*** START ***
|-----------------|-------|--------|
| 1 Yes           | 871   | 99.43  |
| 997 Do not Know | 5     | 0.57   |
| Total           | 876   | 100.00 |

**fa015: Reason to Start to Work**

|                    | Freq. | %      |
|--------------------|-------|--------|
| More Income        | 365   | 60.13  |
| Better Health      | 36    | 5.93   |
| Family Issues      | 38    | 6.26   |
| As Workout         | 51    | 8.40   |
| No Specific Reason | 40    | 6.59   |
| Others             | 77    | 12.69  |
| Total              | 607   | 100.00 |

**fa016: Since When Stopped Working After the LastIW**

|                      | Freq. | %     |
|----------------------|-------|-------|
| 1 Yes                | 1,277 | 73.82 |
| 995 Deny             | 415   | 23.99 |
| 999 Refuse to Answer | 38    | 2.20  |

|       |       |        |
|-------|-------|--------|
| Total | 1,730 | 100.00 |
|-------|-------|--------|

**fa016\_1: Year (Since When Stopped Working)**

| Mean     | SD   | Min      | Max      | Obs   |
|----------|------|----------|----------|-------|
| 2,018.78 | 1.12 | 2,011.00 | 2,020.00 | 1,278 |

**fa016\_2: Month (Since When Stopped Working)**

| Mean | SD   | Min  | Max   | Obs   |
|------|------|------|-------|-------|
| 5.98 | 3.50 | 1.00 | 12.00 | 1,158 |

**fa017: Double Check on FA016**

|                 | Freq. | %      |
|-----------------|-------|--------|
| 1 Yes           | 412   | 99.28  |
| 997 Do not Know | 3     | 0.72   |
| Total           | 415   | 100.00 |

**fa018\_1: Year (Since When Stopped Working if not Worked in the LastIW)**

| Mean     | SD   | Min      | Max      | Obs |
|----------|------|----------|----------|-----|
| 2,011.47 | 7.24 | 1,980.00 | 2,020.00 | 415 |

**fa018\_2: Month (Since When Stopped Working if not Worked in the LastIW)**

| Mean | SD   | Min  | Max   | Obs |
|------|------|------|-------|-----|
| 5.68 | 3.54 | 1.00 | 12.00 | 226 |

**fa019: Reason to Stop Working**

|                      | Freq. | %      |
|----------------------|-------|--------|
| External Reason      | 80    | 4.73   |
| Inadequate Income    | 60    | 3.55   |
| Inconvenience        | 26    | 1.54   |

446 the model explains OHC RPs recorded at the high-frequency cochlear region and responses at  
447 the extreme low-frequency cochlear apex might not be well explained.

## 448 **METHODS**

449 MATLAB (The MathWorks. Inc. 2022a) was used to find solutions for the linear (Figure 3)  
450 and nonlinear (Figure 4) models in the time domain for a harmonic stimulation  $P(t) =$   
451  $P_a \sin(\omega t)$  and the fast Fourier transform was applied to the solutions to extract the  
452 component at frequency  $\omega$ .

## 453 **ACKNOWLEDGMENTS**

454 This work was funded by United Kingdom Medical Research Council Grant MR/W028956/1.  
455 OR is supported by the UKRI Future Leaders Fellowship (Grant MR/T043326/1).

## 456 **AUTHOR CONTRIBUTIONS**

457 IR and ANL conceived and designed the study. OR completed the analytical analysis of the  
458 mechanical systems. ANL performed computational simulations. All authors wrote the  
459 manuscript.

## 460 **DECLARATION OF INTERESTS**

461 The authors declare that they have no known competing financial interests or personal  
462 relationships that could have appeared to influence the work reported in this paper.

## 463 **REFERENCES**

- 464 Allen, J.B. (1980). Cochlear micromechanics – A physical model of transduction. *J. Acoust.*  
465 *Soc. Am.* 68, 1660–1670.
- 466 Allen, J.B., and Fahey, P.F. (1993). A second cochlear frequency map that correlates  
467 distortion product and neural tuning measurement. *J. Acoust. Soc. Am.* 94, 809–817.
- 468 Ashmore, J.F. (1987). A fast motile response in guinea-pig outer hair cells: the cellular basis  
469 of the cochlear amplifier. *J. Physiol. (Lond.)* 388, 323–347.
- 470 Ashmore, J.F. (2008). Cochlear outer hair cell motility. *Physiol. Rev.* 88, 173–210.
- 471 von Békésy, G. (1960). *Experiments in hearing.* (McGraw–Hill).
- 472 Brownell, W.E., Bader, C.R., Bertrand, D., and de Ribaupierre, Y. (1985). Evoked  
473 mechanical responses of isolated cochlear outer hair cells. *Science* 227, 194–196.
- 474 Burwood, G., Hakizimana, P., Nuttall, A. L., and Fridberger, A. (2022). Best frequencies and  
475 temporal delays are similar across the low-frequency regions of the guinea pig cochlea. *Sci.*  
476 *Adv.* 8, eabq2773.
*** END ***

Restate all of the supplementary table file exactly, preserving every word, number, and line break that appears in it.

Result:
|-----------------|-------|--------|
| 1 Yes           | 871   | 99.43  |
| 997 Do not Know | 5     | 0.57   |
| Total           | 876   | 100.00 |

**fa015: Reason to Start to Work**

|                    | Freq. | %      |
|--------------------|-------|--------|
| More Income        | 365   | 60.13  |
| Better Health      | 36    | 5.93   |
| Family Issues      | 38    | 6.26   |
| As Workout         | 51    | 8.40   |
| No Specific Reason | 40    | 6.59   |
| Others             | 77    | 12.69  |
| Total              | 607   | 100.00 |

**fa016: Since When Stopped Working After the LastIW**

|                      | Freq. | %     |
|----------------------|-------|-------|
| 1 Yes                | 1,277 | 73.82 |
| 995 Deny             | 415   | 23.99 |
| 999 Refuse to Answer | 38    | 2.20  |

|       |       |        |
|-------|-------|--------|
| Total | 1,730 | 100.00 |
|-------|-------|--------|

**fa016\_1: Year (Since When Stopped Working)**

| Mean     | SD   | Min      | Max      | Obs   |
|----------|------|----------|----------|-------|
| 2,018.78 | 1.12 | 2,011.00 | 2,020.00 | 1,278 |

**fa016\_2: Month (Since When Stopped Working)**

| Mean | SD   | Min  | Max   | Obs   |
|------|------|------|-------|-------|
| 5.98 | 3.50 | 1.00 | 12.00 | 1,158 |

**fa017: Double Check on FA016**

|                 | Freq. | %      |
|-----------------|-------|--------|
| 1 Yes           | 412   | 99.28  |
| 997 Do not Know | 3     | 0.72   |
| Total           | 415   | 100.00 |

**fa018\_1: Year (Since When Stopped Working if not Worked in the LastIW)**

| Mean     | SD   | Min      | Max      | Obs |
|----------|------|----------|----------|-----|
| 2,011.47 | 7.24 | 1,980.00 | 2,020.00 | 415 |

**fa018\_2: Month (Since When Stopped Working if not Worked in the LastIW)**

| Mean | SD   | Min  | Max   | Obs |
|------|------|------|-------|-----|
| 5.68 | 3.54 | 1.00 | 12.00 | 226 |

**fa019: Reason to Stop Working**

|                      | Freq. | %      |
|----------------------|-------|--------|
| External Reason      | 80    | 4.73   |
| Inadequate Income    | 60    | 3.55   |
| Inconvenience        | 26    | 1.54   |

446 the model explains OHC RPs recorded at the high-frequency cochlear region and responses at  
447 the extreme low-frequency cochlear apex might not be well explained.

## 448 **METHODS**

449 MATLAB (The MathWorks. Inc. 2022a) was used to find solutions for the linear (Figure 3)  
450 and nonlinear (Figure 4) models in the time domain for a harmonic stimulation  $P(t) =$   
451  $P_a \sin(\omega t)$  and the fast Fourier transform was applied to the solutions to extract the  
452 component at frequency  $\omega$ .

## 453 **ACKNOWLEDGMENTS**

454 This work was funded by United Kingdom Medical Research Council Grant MR/W028956/1.  
455 OR is supported by the UKRI Future Leaders Fellowship (Grant MR/T043326/1).

## 456 **AUTHOR CONTRIBUTIONS**

457 IR and ANL conceived and designed the study. OR completed the analytical analysis of the  
458 mechanical systems. ANL performed computational simulations. All authors wrote the  
459 manuscript.

## 460 **DECLARATION OF INTERESTS**

461 The authors declare that they have no known competing financial interests or personal  
462 relationships that could have appeared to influence the work reported in this paper.

## 463 **REFERENCES**

- 464 Allen, J.B. (1980). Cochlear micromechanics – A physical model of transduction. *J. Acoust.*  
465 *Soc. Am.* 68, 1660–1670.
- 466 Allen, J.B., and Fahey, P.F. (1993). A second cochlear frequency map that correlates  
467 distortion product and neural tuning measurement. *J. Acoust. Soc. Am.* 94, 809–817.
- 468 Ashmore, J.F. (1987). A fast motile response in guinea-pig outer hair cells: the cellular basis  
469 of the cochlear amplifier. *J. Physiol. (Lond.)* 388, 323–347.
- 470 Ashmore, J.F. (2008). Cochlear outer hair cell motility. *Physiol. Rev.* 88, 173–210.
- 471 von Békésy, G. (1960). *Experiments in hearing.* (McGraw–Hill).
- 472 Brownell, W.E., Bader, C.R., Bertrand, D., and de Ribaupierre, Y. (1985). Evoked  
473 mechanical responses of isolated cochlear outer hair cells. *Science* 227, 194–196.
- 474 Burwood, G., Hakizimana, P., Nuttall, A. L., and Fridberger, A. (2022). Best frequencies and  
475 temporal delays are similar across the low-frequency regions of the guinea pig cochlea. *Sci.*  
476 *Adv.* 8, eabq2773.